I have a lot of ambition when it comes to tabletop RPGs. I want to play them all but rarely have the time, and time is even more scarce when it comes to getting a group together. But single-player RPGs are intimidating—can I have fun by myself? Am I throwing money at something I’ll never actually make time for, or is this a worthwhile hobby to get into?
Teapot Dome Games
August 20, 2019
Fairyland Confidential, a noir-infused fairy tale RPG (or perhaps a fairy-tale-infused noir RPG) has cured me of that trepidation. Not only did spending an afternoon playing two rounds of this randomized mystery game by myself result in some of the most fun I’ve had gaming in ages, but it also reinvigorated the creative energies I’ve been missing in the midst of 2020’s tumult.
Noir and fairy tales might seem like an odd fusion, but both genres deal with cultural anxieties, fear, and danger, often in a setting of heightened reality—a unique aura of realism that nonetheless has an overly intense, sometimes dreamlike feeling, such as you would find in classic noirs like The Big Sleep, or in the gritty fairy tales of Guillermo del Toro. It worked well enough for The Wolf Among Us, and the games I played with Fairyland Confidential felt much the same—my characters were trapped between worlds, embroiled in vivid magical conspiracies, tossed around and beaten up for crimes they didn’t commit and scandals they didn’t want to uncover.
For an uninitiated solo TTRPG player like me, it seemed impossible that I could have such a thrilling and unexpected ride by myself. But Fairyland Confidential‘s mixture of freeform storytelling and randomization through dice rolls and card draws lets you have just enough agency with repeated unexpected roadblocks, complications, and twists.
You start the game by choosing from two sets—victim and crime—of three scenarios, mixing them together however you like for nine possible combinations. Each victim or crime includes the scenario itself, a set of three suspects, and elimination questions to ask when you draw a face card. Aces and jokers have special powers that can get you out of a tight spot.
Without getting too into the nitty-gritty details, the game uses a standard deck of cards (with jokers) and two six-sided dice of different colors. Dice rolls determine which suspect you will question, with each color representing a different question “flavor”—noir or fairy. Higher numbers result in juicier answers, but also raise your fairy or noir danger level (“tribulation” or “danger,” respectively), resulting in close shaves, encroaching danger, and, if your levels get too high, your character’s untimely demise.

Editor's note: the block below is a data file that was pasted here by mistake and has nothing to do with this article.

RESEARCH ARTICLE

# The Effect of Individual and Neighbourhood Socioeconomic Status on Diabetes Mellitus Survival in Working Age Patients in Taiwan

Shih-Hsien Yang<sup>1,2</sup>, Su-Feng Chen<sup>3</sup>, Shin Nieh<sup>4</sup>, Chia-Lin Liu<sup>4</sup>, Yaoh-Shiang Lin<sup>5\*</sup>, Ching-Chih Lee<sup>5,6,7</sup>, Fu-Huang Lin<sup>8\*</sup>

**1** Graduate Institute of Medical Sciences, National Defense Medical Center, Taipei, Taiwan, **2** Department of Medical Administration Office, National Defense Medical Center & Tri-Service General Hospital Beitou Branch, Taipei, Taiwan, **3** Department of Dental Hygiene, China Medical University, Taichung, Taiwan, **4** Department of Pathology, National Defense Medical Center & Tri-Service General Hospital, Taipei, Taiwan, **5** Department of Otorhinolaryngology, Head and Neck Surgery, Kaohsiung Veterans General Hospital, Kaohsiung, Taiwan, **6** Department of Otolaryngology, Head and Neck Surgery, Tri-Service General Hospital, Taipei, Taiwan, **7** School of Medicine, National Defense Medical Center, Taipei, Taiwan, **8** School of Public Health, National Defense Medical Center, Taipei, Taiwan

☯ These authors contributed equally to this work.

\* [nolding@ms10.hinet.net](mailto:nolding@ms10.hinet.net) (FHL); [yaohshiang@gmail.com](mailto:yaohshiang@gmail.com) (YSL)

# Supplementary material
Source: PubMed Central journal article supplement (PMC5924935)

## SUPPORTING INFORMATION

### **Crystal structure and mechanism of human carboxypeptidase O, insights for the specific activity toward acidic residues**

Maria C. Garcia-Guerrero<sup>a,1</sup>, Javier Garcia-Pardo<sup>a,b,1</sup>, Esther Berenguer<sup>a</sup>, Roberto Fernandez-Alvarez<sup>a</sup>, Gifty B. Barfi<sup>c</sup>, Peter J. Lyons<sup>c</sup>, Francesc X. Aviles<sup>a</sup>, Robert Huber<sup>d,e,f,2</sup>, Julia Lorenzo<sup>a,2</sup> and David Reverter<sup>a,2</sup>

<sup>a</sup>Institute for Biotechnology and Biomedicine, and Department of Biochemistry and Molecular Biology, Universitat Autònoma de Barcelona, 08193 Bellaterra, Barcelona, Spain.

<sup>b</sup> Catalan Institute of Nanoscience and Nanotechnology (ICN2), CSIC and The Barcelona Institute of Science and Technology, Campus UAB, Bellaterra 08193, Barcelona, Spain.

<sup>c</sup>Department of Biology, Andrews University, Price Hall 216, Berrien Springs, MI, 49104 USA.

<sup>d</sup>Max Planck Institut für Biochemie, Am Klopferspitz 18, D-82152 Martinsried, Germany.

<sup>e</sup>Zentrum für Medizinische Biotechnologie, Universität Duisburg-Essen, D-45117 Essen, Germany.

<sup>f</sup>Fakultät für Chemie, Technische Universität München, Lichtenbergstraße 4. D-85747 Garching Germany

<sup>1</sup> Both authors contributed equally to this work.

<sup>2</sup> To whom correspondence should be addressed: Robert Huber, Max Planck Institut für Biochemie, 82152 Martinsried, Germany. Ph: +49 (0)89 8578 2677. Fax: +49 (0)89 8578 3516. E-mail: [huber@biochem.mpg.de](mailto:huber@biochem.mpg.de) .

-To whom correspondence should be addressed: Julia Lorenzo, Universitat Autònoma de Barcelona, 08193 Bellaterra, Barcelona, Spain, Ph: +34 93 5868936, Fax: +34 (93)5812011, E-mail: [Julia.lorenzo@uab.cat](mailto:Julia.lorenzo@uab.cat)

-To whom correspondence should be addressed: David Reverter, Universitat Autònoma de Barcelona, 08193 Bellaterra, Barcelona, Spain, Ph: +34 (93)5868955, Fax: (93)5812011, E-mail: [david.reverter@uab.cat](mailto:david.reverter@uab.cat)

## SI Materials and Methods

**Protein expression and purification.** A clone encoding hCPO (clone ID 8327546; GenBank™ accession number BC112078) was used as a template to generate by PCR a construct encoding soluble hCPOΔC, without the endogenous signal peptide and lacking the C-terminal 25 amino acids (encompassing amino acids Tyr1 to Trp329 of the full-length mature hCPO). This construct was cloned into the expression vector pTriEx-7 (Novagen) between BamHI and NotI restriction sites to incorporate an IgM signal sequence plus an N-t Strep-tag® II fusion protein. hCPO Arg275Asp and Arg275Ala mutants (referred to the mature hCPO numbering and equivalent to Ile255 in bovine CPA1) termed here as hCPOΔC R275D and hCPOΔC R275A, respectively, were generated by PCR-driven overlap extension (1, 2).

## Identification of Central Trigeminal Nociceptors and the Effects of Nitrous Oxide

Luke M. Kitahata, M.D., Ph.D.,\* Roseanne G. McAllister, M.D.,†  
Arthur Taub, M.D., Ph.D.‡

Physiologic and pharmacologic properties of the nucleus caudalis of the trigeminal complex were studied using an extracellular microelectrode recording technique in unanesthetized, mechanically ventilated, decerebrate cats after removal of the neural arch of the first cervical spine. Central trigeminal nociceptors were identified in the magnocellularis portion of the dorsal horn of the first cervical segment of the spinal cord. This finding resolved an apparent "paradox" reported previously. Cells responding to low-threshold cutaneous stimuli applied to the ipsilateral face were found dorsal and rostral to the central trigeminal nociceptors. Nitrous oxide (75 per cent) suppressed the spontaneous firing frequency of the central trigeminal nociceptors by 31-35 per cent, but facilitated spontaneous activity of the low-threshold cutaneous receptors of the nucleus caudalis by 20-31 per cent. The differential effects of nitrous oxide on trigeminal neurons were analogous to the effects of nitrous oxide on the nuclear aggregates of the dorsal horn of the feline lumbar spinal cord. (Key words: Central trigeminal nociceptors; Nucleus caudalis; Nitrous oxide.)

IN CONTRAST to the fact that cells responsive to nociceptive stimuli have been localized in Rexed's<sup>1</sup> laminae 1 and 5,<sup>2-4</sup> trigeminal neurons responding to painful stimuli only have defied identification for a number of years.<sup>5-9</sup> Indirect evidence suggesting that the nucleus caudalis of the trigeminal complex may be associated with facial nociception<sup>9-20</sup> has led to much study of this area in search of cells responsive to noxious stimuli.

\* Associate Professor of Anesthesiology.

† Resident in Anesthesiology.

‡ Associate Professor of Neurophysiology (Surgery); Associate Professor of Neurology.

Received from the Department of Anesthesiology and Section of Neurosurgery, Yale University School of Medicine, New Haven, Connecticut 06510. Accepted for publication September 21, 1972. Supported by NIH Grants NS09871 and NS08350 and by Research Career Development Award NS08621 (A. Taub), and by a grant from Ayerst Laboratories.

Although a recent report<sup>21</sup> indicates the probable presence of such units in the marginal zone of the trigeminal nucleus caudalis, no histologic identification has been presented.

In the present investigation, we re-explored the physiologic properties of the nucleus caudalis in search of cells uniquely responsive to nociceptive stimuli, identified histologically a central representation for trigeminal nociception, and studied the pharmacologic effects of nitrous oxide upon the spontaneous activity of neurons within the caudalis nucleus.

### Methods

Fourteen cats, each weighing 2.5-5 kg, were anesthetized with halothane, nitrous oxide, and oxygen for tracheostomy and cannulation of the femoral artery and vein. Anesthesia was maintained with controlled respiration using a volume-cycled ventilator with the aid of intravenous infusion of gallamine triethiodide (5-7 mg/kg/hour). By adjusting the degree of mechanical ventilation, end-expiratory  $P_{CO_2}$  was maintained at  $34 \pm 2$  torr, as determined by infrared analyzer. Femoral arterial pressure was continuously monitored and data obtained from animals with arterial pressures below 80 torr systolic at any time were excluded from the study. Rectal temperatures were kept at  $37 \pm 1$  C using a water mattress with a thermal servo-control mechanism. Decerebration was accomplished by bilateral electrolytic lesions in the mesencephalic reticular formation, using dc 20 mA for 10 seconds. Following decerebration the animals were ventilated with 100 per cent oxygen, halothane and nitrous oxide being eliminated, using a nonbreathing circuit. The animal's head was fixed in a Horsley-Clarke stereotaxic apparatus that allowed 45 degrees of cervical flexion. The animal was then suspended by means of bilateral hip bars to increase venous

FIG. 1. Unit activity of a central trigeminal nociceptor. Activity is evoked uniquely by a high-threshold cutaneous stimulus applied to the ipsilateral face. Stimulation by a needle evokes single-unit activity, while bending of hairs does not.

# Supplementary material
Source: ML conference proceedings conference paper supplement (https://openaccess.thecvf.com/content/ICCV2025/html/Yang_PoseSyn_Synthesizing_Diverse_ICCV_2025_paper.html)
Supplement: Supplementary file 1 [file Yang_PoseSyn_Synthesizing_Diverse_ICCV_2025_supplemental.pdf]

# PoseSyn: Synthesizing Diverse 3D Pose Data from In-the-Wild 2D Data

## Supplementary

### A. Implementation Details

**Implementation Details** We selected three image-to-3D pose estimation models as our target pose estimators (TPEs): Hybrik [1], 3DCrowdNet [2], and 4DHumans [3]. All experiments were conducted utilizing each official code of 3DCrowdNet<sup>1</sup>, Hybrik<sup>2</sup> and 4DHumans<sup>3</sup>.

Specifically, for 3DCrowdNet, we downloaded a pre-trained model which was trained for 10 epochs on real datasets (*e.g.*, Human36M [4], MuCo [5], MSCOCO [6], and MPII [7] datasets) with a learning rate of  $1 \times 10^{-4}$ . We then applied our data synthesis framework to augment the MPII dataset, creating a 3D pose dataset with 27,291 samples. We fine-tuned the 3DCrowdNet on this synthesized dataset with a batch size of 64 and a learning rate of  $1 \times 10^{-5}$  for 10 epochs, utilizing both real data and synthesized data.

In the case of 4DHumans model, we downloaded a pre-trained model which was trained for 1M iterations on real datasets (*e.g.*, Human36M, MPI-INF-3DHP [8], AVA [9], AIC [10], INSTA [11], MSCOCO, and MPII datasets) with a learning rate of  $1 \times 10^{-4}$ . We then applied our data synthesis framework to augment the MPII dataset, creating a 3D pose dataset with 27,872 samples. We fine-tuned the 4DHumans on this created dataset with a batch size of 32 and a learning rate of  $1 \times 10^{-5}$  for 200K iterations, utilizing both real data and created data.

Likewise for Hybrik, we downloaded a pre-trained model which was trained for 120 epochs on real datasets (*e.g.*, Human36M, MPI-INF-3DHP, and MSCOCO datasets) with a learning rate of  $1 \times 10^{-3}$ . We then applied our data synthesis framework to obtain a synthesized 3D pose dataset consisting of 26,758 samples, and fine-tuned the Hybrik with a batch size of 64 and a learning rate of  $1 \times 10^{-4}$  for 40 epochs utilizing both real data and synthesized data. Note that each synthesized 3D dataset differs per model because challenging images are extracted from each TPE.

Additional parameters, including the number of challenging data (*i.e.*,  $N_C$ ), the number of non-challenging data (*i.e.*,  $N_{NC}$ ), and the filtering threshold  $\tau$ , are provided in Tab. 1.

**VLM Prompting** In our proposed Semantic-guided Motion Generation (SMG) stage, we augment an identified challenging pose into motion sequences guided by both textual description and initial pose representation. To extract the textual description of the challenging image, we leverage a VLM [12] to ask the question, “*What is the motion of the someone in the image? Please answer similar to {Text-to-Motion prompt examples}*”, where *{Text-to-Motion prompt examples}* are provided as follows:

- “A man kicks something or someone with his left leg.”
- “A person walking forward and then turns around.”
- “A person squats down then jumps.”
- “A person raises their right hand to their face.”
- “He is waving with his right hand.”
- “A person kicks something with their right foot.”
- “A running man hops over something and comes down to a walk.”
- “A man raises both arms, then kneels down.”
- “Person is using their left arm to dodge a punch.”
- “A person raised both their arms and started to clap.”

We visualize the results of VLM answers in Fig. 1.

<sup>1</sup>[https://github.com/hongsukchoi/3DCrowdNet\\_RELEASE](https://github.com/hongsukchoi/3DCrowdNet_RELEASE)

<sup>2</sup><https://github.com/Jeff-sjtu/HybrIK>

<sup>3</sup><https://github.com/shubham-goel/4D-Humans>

I had some trouble with the mechanics on my first go-around. My cards were out of order, resulting in a lot of low-level questions that raised my tribulation level without bringing me closer to a solution, and my detective was consequently thrown in jail and then sucked through a fairy portal, leaving the case unsolved. In my second game, another read through the manual and a familiarity with the mechanics gave me a tense but successful game, revealing that the burgling duo had faked their deaths, drunk from the horn of immortality, and pulled it all off with the help of a fairy sculptor helplessly in love with one of them.
What works about the game is that the randomness and guidance effectively function as tantalizing writing prompts. While the crime, victim, suspects, and questions I asked were determined by my dice rolls, cards, and prompts within the game, the answers were all up to me. As the player, it was my job to make the mystery make sense—though, as the manual points out, “sense” is not necessarily inherent to either the noir or fairy tale genre—by coming up with the story as I went. Loose ends and mistakes are a natural consequence of twisting genres, and my mistakes didn’t rob the story I developed of its thrills. In fact, as I drew in on the conclusion of my second story, I could literally feel my heart beat faster—the excitement of solving the mystery, determined entirely at random, coupled with the fact that I was one dice roll away from failing, added an incredible sense of drama.
While there were some struggles in my first game, Fairyland Confidential is a smart, tightly designed single-player TTRPG with a great sense of drama and thematic tension. Whether you’re very experienced with single-player games or a total newcomer, it’s a wonderful creative exercise and delicious source of drama and intrigue. I honestly can’t wait to play another round.
Melissa Brinks is Sidequest’s editor in chief, co-creator of the Fake Geek Girls podcast, author of The Compendium of Magical Beasts, and an aspiring beekeeper. She once won an argument on the internet, and tweets at @MelissaBrinks.